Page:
London has plenty of unusual experiences to suit all tastes. If, like me, you enjoy a smidgeon of adventure how about a day out climbing Up at the O2 and sliding down the Orbit slide?
ArcelorMittal Orbit slide
In 2012 our family had an amazing day out watching the Paralympics at Queen Elizabeth Olympic Park. Although I remember seeing the newly opened 114 metre Orbit sculpture I didn’t give it much thought at the time.
It was the addition of a slide to the structure in 2016 that propelled it onto my UK bucket list. But it’s not just any old slide. It’s the longest and tallest tunnel slide in the world. And it’s not just for kids!
I’ve wanted to ride the slide for a while but thought the £18 price tag rather expensive for a 40 second thrill. However for the last couple of years the ride has been half price in the January sale and the £8 cost seemed much more reasonable. This year I was finally organised enough to buy a ticket in the sale.
Of course, as well as the slide, you get views too. From the observation tower on the second floor you can see both the city of London and, much closer, the Olympic Aquatics Centre and West Ham football stadium. There is still a huge amount of ongoing construction work around the stadium so lots of cranes and building sites to look at too.
You also start to appreciate just how high the Orbit slide is. There’s a marked area where you can position your camera over a tiny hole in the viewing platform for a birds eye view of the curly silver slide beneath you. At this point I started having second thoughts!
On to the slide. But first I had to whizz back down in the lift to leave my phone in a locker, as they’re not allowed on the slide. You are, of course, encouraged to purchase the photos they take or pay extra for a Go Pro.
After my hasty trip to the lockers I was issued with an incredibly smelly skull cap and elbow protectors. I’m not convinced these have any benefit aside from making you feel like you’re about to do something dangerous.
There were only a couple of people in the queue ahead of me. I’ve read that queues can get quite long later in the day but at opening time they were minimal. Before I knew it, the screams of the lady in front fell away and it was my turn.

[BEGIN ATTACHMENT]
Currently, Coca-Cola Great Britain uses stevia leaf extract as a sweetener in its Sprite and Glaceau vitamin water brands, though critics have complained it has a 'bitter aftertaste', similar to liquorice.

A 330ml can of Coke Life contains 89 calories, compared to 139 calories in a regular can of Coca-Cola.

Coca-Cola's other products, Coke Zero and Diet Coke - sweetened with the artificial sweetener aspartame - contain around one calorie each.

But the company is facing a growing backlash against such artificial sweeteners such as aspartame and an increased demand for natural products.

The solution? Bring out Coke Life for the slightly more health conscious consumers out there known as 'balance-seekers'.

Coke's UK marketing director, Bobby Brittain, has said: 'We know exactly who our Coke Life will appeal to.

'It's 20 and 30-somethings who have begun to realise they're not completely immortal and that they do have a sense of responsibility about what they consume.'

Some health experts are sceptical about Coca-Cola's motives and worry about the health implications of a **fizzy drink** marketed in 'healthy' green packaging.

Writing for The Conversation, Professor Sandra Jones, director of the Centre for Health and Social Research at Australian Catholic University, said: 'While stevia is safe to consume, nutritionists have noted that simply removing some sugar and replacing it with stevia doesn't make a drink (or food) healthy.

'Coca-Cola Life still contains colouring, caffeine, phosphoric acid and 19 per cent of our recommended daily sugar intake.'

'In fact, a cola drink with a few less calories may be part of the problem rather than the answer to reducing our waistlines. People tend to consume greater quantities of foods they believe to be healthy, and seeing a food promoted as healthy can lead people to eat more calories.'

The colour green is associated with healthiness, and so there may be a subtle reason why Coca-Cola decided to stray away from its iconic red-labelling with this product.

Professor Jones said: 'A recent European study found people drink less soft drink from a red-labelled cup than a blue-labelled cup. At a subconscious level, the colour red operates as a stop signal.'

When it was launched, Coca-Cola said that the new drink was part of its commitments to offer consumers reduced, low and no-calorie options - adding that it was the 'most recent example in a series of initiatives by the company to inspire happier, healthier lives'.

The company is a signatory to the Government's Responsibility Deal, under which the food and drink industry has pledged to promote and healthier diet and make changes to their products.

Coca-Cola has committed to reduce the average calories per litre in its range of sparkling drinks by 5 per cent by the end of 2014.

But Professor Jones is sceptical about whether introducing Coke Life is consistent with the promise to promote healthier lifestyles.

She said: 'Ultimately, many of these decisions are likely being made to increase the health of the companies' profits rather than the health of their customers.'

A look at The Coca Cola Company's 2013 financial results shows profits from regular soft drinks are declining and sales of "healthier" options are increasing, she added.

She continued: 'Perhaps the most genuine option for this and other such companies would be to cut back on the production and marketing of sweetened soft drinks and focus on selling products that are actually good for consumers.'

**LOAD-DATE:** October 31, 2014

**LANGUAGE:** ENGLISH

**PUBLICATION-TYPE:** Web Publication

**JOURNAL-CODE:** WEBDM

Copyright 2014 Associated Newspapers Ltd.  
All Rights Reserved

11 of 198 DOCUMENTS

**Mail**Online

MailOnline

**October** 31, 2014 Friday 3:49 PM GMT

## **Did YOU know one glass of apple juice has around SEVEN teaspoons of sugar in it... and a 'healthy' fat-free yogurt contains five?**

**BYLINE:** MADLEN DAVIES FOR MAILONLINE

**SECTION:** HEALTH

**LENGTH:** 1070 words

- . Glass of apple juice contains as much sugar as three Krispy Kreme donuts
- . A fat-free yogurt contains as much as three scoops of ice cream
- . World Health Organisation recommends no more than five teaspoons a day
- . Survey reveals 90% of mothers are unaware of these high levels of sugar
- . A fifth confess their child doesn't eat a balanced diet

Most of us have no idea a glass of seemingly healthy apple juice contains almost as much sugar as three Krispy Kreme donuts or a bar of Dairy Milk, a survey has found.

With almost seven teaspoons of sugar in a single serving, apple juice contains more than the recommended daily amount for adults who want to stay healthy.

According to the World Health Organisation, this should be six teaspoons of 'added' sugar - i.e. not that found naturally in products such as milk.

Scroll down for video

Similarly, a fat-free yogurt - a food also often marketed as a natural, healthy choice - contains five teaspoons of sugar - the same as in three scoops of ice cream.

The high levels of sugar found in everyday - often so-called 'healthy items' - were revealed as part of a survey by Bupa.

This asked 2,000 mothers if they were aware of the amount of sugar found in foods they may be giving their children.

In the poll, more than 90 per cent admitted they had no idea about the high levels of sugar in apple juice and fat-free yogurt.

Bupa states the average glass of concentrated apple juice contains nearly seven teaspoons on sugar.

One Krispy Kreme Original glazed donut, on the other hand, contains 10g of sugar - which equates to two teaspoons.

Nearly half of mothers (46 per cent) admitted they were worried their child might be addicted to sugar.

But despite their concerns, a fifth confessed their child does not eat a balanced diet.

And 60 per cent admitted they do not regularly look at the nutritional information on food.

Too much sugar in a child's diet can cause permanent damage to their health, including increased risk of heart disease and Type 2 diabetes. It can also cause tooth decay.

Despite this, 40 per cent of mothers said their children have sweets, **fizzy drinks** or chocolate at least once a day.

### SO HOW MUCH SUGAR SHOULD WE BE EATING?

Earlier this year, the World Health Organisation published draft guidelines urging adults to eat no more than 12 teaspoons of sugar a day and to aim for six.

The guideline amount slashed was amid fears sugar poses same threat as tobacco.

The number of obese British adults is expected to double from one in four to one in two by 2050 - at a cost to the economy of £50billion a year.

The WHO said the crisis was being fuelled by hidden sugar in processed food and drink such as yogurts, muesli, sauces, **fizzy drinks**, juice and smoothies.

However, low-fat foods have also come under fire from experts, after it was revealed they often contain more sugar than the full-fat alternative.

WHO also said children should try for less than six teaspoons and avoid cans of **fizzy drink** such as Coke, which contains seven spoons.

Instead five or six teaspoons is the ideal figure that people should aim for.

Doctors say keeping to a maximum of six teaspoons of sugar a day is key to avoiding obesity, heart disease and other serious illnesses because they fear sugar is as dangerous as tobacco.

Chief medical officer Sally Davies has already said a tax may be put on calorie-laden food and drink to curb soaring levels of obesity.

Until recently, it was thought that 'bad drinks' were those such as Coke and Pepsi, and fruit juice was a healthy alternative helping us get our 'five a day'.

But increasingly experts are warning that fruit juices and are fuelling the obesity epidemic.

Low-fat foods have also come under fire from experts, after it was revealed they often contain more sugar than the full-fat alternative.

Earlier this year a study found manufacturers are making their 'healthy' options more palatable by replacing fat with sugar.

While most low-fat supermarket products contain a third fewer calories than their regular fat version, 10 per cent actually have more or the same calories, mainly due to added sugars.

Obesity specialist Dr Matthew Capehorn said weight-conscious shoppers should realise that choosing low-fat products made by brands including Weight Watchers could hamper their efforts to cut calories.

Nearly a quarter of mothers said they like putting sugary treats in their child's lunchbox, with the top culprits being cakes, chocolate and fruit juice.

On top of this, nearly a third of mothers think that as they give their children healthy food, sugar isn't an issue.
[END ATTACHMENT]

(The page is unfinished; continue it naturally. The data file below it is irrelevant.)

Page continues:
Initially you sit on the slide and wriggle into a sack, similar to that on a helter skelter. But, unlike a helter skelter, you remain laying down whilst the ride operator helpfully tells you to relax. As if! When you’re ready you pull yourself along a side rail and you’re off.
The next 40 seconds pass in a blur of light and dark as you twist and turn down the 178m slide. You don’t really have time to feel scared. But I did feel a little sick by the end of it. I think I enjoyed it, but my stomach is glad it wasn’t any longer!
Up at the O2
I hotfooted it from the Orbit slide to the O2 Arena for my next experience. I had a gift voucher for Up at the O2; time to redeem it.
Completed in 1999 the dome originally housed the poorly attended Millennium Experience. After closing at the end of 2000 it hosted Winter Wonderland, music festivals and a homeless shelter. It was eventually sold and redeveloped as an entertainment arena; nowadays it’s sponsored by (take a guess) O2. Since 2012 visitors have also been able to walk over it.
I arrived a good hour before my booked time and was able to go on an earlier climb. The experience starts with a short video outlining how to use the safety equipment and the rules. These include no bouncing on the walkway, no drunkenness (although you can buy a glass of champagne up top) and no photography until you’re on the viewing platform. Next, we were issued with a gilet, a pair of walking shoes and a harness. Your own shoes and any bags or valuables are put into a blue crate and stored until your return.
It’s a short walk from the changing area to the start of the climb. Before you head up there’s the obligatory photo shoot and then it’s time to clip on to the wire rope and start the walk. If you’ve ever done Go Ape, or similar, you’ll be familiar with the type of clipping on system. Even if you haven’t it’s dead simple to use and it stops you blowing off the edge.
The first part of the walkway is pretty steep. As we walked there was time to stop and appreciate the structure. The dome has 12 posts, one for each month and is 52 metres high, one for each week. A pointless fact which I enjoyed learning.
The walk to the viewing platform was much shorter than I expected. After the initial steep section it only takes another five minutes or so before you can unclip. The viewing platform was already occupied by another group when we arrived but there was plenty of space for all of us.
There are information boards all around the edge of the platform to help you identify the sights. And, given this is London, there’s a lot to see! We mooched around for about 20 minutes before our leader advised it was time to descend. The weather in February doesn’t encourage longer stays so I was glad to escape the cold wind.
The descent is the opposite of the ascent, with a steep incline at the end. Our guide suggested walking backwards down this section which is a good idea if you’re nervous. That said, the biggest challenge for me was resisting the temptation to sit and slide down. The Orbit slide obviously didn’t put me off that much!
Overall it was a great day out and it was good to combine them. The actual experiences don’t take long but once you factor in waiting times, travel and coffee stops they’ll easily take up the best part of a day.
- The Orbit Slide is located in Queen Elizabeth Olympic Park. It’s open daily from 10am on weekends, 11am on weekdays. Minimum age 8 years.
- Up at the O2 is generally open daily. Opening times change according to the season so check the website first. Minimum age is 8 years; there are also a number of height, weight and health restrictions.